This incident response (IR) guide contains insider secrets. Pass it on
The fight to protect your company’s data isn’t for the faint of heart. As an embattled IT warrior, with more systems, apps, and users to support than ever before, keeping everything up and running is a battle in itself. When it comes to preventing the worst-case scenario from happening, you need all the help you can get, despite your super-hero status.
That’s why we’ve developed this guide. We’ve collected and curated decades of infosec war stories and hacker intelligence--from across the galaxy--so that you’re better armed in the fight against cybercrime. You’ll have an insider’s perspective on how to build an incident response plan and team, and what tools and training you can use to arm those team members.
Navigate Your Journey:
What is Incident Response?
We’re not Wikipedia or Webster’s, so if you’re looking for a dictionary definition, this isn’t the right place. But if a five year old asked us, we might just say, IR is sort of like a fire drill for the IT guy. When the worst-case scenario becomes reality, it’s essential to have the right plan in place, the right people on the job, and the right tools and training to remain vigilant. And that’s what reading this guide can do for you.
6 Key Phases
According to SANS, there are six key phases of an Incident Response Plan:
Preparing users and IT to handle potential incidents in case they happen (and let’s face it, we know they will)
Finding and eliminating the root cause (removing affected systems from production)
Figuring out what we mean by a “security incident” (which events can we ignore vs. which we must act on right now?)
Permitting affected systems back into the production environment (and watching them closely)
Isolating affected systems to prevent further damage (automated quarantines are our favorite)
Writing everything down and reviewing and analyzing with all team members so you can improve future efforts
Do I Need an Incident Response Plan?
The problem with plans is that they are designed to sit on the shelf until the day when the proverbial oxygen masks drop from the ceiling. Otherwise, they just gather dust except for the occasional auditor visits or executive reviews.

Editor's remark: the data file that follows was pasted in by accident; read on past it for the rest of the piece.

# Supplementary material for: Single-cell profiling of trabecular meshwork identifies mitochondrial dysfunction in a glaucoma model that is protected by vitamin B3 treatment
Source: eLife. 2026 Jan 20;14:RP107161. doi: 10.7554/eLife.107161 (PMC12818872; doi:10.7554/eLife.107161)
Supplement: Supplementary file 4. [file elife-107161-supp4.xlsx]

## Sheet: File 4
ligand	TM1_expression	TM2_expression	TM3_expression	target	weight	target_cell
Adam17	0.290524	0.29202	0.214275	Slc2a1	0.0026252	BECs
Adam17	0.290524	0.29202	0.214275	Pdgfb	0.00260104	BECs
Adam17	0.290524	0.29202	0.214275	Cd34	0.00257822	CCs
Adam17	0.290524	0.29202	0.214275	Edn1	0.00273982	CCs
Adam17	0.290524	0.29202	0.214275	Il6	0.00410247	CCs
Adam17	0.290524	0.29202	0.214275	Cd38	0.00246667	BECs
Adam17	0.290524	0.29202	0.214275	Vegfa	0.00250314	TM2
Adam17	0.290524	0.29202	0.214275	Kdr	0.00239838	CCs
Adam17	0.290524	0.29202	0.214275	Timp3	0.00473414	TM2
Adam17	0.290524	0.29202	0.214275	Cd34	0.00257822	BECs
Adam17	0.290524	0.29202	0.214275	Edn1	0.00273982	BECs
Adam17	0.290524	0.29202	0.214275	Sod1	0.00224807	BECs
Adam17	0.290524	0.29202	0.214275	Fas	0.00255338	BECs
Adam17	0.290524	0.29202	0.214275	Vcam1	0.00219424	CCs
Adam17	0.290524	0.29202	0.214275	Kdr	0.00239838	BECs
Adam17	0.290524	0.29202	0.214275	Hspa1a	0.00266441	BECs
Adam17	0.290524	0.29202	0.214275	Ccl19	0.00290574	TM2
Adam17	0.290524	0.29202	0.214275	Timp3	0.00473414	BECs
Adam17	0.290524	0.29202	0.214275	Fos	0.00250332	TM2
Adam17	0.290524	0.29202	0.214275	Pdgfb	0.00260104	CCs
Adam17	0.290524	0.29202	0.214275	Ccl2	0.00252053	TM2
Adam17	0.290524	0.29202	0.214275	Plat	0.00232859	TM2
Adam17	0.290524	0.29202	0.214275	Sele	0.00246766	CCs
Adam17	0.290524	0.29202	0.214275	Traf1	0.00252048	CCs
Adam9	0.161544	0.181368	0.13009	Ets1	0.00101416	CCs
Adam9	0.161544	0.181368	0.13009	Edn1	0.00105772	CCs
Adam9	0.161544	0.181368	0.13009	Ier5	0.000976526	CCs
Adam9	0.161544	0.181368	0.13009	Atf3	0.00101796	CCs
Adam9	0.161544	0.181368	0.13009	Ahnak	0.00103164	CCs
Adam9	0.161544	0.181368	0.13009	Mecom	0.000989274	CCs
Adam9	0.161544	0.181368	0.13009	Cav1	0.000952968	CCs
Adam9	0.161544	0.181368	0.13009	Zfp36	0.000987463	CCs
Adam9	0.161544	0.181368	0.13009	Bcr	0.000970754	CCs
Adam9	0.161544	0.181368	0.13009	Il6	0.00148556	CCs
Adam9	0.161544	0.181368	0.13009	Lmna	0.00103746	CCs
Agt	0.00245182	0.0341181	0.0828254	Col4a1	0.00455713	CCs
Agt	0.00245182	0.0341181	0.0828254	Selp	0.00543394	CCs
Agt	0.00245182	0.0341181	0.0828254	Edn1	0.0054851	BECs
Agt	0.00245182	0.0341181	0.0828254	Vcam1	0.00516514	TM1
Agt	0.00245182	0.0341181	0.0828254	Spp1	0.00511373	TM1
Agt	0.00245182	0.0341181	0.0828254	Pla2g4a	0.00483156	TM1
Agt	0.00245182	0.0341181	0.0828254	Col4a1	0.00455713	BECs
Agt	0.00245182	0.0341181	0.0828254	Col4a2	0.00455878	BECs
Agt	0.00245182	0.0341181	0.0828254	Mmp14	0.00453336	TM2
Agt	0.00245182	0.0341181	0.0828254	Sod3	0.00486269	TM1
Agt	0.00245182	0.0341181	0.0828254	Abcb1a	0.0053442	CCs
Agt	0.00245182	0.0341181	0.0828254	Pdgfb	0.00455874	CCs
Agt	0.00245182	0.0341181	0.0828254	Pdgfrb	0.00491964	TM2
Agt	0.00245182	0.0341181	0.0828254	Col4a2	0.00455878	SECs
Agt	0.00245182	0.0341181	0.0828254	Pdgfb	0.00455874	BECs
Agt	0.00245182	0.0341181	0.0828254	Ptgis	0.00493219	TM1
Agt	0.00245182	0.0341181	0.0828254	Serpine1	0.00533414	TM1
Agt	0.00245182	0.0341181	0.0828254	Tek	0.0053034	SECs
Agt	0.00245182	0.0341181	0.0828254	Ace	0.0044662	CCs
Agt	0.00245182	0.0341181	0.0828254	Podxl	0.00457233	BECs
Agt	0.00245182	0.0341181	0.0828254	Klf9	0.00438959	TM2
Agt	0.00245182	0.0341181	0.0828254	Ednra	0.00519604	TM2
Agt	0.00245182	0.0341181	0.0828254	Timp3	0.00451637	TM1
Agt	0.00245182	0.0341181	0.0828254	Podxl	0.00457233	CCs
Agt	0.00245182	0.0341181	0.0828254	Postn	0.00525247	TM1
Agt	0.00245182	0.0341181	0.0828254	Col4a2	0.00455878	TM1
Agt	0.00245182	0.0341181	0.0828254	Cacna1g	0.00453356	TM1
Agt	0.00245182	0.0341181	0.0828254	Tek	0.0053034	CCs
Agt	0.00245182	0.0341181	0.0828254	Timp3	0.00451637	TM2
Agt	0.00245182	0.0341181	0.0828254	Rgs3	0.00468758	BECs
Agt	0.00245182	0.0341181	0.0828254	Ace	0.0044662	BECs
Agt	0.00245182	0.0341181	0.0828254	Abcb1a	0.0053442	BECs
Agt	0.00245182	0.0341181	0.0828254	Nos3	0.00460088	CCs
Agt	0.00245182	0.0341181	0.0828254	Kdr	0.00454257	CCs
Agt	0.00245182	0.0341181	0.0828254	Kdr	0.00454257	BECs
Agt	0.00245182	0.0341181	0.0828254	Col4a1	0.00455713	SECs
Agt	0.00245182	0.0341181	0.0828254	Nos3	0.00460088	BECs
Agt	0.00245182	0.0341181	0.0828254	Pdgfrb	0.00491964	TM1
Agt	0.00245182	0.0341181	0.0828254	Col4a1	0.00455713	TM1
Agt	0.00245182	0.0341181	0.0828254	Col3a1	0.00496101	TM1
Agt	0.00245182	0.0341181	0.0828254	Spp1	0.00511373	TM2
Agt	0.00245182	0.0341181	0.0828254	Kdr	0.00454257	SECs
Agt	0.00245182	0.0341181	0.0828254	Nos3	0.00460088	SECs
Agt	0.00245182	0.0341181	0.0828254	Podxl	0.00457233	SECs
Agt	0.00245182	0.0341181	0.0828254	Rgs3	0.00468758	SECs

In this guide, we take the active approach because we know that the investment of time and resources spent enhancing incident response will have immediate and ongoing benefits to IT operations. After all, security is a subset of reliability – and everyone wants their systems to be more reliable.
We will walk you through building a basic IR plan and security monitoring process, covering skills to acquire and helpful resources along the way.
What Exactly is an Insider’s Guide to Incident Response?
Being an insider means that you can see both sides of it. You’ve been there, you’ve done that. Just because you’re an insider doesn’t mean you’re a threat. On the contrary, you’re an insider who understands threat. And that's the best kind.
We’ve collected the best security stories and guidance from an army of insiders, and basically, that’s what the insider’s guide gives you.
Words of Wisdom from Insiders
"There are many levels of success in defensive work… the common wisdom is that the attacker only has to be right once, but the defender has to be right every time, but that’s not always true. Attacks are not all-or-nothing affairs - they happen over time, with multiple stages before final success. To remain undetected against an attentive defender, it is the attacker who must make every move correctly; if an astute defender detects them even once, they have the possibility to locate and stop the whole attack. You aren't going to immediately detect everything that happens during an attack - but as long as you detect (and correctly identify) enough of an attack to stop it in its tracks, that’s success."
"Execution is key - the range of ways to attack a target can seem limitless - expecting to be an expert on all of them is pointlessly unrealistic. The most important part of incident response is to handle every situation in a way that limits damage, and reduces recovery time and costs. At the end of the day, that’s how you’ll be measured on a job well done… not that you’ve covered every angle of every potential vulnerability."
Attackers are Lazy
"Attackers have technical and economic imperatives to use the minimum amount of effort and resources to breach their targets - the more you remove the low-hanging fruit on your network, the more you raise the actual level of work an attacker has to expend to successfully infiltrate it."